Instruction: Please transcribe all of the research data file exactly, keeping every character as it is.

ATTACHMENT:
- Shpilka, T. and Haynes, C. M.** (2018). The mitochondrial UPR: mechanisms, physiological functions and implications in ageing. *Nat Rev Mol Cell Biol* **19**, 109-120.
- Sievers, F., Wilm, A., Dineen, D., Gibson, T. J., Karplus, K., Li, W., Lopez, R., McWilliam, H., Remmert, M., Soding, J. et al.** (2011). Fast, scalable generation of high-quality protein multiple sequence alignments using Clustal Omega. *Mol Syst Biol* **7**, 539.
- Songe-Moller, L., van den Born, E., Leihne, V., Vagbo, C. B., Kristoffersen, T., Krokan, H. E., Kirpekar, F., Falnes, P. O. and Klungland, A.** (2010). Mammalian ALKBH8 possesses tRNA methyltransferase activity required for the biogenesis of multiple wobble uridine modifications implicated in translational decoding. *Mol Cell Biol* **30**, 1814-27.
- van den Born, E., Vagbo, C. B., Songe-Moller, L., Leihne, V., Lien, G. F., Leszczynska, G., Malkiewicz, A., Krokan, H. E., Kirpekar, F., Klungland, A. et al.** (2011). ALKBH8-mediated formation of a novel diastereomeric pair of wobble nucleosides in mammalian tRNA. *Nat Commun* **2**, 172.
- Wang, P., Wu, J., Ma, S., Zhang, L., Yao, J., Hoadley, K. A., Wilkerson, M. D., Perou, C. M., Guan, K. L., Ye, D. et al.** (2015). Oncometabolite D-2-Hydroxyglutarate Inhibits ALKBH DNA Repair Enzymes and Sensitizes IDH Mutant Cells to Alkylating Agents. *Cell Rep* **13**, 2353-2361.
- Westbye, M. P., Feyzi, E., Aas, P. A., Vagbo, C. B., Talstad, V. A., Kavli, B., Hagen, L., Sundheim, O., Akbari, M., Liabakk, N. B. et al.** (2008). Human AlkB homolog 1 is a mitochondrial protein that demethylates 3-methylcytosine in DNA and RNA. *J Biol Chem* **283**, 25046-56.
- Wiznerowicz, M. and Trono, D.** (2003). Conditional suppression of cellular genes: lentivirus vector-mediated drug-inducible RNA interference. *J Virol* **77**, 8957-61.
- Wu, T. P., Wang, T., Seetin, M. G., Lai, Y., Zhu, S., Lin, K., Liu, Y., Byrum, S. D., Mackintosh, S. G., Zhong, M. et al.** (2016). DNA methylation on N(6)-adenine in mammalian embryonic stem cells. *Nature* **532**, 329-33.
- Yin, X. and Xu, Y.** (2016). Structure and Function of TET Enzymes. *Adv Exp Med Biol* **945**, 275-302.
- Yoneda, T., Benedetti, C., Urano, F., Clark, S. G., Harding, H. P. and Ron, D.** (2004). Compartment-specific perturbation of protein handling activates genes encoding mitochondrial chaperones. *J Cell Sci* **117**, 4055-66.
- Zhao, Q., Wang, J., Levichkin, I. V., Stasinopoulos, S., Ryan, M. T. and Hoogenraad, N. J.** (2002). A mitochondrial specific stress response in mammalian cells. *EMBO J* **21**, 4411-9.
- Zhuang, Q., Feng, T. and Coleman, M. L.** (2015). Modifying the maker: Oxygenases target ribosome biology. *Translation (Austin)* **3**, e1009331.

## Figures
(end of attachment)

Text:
- Shpilka, T. and Haynes, C. M.** (2018). The mitochondrial UPR: mechanisms, physiological functions and implications in ageing. *Nat Rev Mol Cell Biol* **19**, 109-120.
- Sievers, F., Wilm, A., Dineen, D., Gibson, T. J., Karplus, K., Li, W., Lopez, R., McWilliam, H., Remmert, M., Soding, J. et al.** (2011). Fast, scalable generation of high-quality protein multiple sequence alignments using Clustal Omega. *Mol Syst Biol* **7**, 539.
- Songe-Moller, L., van den Born, E., Leihne, V., Vagbo, C. B., Kristoffersen, T., Krokan, H. E., Kirpekar, F., Falnes, P. O. and Klungland, A.** (2010). Mammalian ALKBH8 possesses tRNA methyltransferase activity required for the biogenesis of multiple wobble uridine modifications implicated in translational decoding. *Mol Cell Biol* **30**, 1814-27.
- van den Born, E., Vagbo, C. B., Songe-Moller, L., Leihne, V., Lien, G. F., Leszczynska, G., Malkiewicz, A., Krokan, H. E., Kirpekar, F., Klungland, A. et al.** (2011). ALKBH8-mediated formation of a novel diastereomeric pair of wobble nucleosides in mammalian tRNA. *Nat Commun* **2**, 172.
- Wang, P., Wu, J., Ma, S., Zhang, L., Yao, J., Hoadley, K. A., Wilkerson, M. D., Perou, C. M., Guan, K. L., Ye, D. et al.** (2015). Oncometabolite D-2-Hydroxyglutarate Inhibits ALKBH DNA Repair Enzymes and Sensitizes IDH Mutant Cells to Alkylating Agents. *Cell Rep* **13**, 2353-2361.
- Westbye, M. P., Feyzi, E., Aas, P. A., Vagbo, C. B., Talstad, V. A., Kavli, B., Hagen, L., Sundheim, O., Akbari, M., Liabakk, N. B. et al.** (2008). Human AlkB homolog 1 is a mitochondrial protein that demethylates 3-methylcytosine in DNA and RNA. *J Biol Chem* **283**, 25046-56.
- Wiznerowicz, M. and Trono, D.** (2003). Conditional suppression of cellular genes: lentivirus vector-mediated drug-inducible RNA interference. *J Virol* **77**, 8957-61.
- Wu, T. P., Wang, T., Seetin, M. G., Lai, Y., Zhu, S., Lin, K., Liu, Y., Byrum, S. D., Mackintosh, S. G., Zhong, M. et al.** (2016). DNA methylation on N(6)-adenine in mammalian embryonic stem cells. *Nature* **532**, 329-33.
- Yin, X. and Xu, Y.** (2016). Structure and Function of TET Enzymes. *Adv Exp Med Biol* **945**, 275-302.
- Yoneda, T., Benedetti, C., Urano, F., Clark, S. G., Harding, H. P. and Ron, D.** (2004). Compartment-specific perturbation of protein handling activates genes encoding mitochondrial chaperones. *J Cell Sci* **117**, 4055-66.
- Zhao, Q., Wang, J., Levichkin, I. V., Stasinopoulos, S., Ryan, M. T. and Hoogenraad, N. J.** (2002). A mitochondrial specific stress response in mammalian cells. *EMBO J* **21**, 4411-9.
- Zhuang, Q., Feng, T. and Coleman, M. L.** (2015). Modifying the maker: Oxygenases target ribosome biology. *Translation (Austin)* **3**, e1009331.

## Figures